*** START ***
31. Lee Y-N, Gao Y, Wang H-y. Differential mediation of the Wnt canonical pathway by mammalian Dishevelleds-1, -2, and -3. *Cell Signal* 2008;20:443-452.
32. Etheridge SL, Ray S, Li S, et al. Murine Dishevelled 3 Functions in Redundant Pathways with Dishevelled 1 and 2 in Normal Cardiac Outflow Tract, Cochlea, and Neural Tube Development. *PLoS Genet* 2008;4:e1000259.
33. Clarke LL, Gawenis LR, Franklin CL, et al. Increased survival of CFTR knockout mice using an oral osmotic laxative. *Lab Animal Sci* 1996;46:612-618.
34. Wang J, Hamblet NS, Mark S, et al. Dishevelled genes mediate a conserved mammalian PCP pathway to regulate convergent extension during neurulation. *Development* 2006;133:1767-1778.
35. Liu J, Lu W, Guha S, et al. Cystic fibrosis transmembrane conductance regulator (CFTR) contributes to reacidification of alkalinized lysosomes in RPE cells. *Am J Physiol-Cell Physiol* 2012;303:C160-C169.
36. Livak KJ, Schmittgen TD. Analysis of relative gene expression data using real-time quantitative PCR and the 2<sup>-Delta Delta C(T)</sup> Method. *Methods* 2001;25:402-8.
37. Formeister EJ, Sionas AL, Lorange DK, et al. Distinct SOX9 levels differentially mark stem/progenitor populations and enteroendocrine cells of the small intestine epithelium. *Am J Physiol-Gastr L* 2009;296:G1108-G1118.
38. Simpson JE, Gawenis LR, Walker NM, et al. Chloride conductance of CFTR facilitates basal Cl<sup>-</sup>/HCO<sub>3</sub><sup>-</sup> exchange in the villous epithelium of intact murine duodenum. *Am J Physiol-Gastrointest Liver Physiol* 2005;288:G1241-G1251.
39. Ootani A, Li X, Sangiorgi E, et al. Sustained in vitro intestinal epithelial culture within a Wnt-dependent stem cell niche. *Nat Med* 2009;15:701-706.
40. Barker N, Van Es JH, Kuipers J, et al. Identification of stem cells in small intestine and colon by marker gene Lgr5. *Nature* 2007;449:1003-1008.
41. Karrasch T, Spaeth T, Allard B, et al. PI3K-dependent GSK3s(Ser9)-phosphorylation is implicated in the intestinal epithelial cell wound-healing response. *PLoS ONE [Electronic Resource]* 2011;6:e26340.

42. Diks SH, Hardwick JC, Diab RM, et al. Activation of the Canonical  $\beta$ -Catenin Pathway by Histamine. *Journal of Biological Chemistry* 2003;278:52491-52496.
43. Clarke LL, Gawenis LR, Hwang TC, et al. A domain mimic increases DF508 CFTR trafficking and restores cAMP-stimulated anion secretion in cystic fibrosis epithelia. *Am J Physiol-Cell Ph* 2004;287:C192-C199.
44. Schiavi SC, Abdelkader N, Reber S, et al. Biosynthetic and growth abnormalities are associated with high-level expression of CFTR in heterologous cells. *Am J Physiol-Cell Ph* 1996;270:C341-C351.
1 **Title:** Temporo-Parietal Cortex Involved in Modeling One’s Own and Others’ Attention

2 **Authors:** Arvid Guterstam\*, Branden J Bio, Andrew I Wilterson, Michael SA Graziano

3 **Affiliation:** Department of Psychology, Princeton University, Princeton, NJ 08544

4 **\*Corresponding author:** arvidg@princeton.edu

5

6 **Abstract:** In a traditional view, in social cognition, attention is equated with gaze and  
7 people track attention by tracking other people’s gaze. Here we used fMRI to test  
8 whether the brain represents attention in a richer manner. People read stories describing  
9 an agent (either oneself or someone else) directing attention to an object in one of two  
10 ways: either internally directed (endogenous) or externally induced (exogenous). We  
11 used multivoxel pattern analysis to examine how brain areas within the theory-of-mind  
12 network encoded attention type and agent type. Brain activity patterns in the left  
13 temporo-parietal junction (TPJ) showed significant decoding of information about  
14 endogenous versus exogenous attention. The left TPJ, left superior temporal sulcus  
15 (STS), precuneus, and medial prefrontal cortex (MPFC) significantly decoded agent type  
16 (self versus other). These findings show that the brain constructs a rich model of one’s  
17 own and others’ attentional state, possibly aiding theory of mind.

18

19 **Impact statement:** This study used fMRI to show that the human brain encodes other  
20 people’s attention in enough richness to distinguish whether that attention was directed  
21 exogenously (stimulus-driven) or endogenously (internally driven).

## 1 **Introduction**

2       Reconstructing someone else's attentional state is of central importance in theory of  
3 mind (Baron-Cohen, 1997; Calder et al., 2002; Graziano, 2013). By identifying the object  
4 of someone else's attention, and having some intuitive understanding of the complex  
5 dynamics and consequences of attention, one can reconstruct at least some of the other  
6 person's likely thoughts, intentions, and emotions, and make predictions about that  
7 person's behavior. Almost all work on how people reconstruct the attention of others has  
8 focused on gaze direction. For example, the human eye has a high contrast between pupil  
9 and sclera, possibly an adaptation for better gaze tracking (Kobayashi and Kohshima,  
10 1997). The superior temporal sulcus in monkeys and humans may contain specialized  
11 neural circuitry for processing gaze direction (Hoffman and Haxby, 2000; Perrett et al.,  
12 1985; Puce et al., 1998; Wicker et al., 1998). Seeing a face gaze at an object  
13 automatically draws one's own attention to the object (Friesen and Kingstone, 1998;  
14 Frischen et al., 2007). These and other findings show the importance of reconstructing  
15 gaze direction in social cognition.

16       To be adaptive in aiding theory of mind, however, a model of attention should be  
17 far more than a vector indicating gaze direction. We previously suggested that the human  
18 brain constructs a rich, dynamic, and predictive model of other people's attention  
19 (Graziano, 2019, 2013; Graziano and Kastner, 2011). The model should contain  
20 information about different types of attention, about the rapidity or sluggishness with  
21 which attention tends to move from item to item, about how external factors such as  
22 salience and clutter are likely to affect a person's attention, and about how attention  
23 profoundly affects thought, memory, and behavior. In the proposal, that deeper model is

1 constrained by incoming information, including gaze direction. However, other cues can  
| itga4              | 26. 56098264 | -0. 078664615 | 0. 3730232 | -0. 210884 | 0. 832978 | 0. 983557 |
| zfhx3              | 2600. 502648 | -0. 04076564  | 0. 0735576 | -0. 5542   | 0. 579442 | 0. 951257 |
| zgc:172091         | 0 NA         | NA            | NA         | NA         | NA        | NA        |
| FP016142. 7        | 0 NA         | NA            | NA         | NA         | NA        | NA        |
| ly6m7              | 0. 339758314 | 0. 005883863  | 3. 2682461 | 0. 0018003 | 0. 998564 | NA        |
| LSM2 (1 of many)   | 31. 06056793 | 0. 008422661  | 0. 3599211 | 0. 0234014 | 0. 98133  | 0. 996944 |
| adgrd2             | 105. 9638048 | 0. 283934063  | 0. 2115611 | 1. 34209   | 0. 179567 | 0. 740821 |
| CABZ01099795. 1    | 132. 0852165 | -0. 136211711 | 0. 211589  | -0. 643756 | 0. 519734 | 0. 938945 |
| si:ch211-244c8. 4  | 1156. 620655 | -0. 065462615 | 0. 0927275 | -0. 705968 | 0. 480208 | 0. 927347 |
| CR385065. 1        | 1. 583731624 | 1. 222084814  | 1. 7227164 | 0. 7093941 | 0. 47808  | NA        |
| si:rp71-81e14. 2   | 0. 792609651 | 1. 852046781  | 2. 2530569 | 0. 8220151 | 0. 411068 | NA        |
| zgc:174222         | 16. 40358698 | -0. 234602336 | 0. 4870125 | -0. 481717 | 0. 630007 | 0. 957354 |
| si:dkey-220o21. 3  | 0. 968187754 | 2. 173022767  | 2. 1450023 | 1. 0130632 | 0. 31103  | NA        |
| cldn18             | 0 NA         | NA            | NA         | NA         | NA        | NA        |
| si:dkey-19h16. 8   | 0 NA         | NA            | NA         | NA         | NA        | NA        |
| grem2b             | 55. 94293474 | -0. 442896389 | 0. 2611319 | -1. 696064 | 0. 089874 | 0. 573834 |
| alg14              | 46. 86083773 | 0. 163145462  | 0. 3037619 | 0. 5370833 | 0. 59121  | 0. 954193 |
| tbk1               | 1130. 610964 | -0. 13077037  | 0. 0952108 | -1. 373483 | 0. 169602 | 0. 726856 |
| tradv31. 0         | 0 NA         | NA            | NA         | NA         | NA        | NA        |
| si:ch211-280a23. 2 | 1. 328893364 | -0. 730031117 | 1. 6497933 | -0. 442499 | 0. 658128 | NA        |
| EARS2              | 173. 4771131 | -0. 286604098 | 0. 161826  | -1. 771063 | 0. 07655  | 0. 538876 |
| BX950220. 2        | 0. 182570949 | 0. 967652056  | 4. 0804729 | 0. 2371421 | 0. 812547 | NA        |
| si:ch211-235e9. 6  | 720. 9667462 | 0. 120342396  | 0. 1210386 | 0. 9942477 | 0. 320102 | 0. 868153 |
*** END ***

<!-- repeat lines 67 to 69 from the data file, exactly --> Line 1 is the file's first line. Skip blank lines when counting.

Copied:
| CABZ01099795. 1    | 132. 0852165 | -0. 136211711 | 0. 211589  | -0. 643756 | 0. 519734 | 0. 938945 |
| si:ch211-244c8. 4  | 1156. 620655 | -0. 065462615 | 0. 0927275 | -0. 705968 | 0. 480208 | 0. 927347 |
| CR385065. 1        | 1. 583731624 | 1. 222084814  | 1. 7227164 | 0. 7093941 | 0. 47808  | NA        |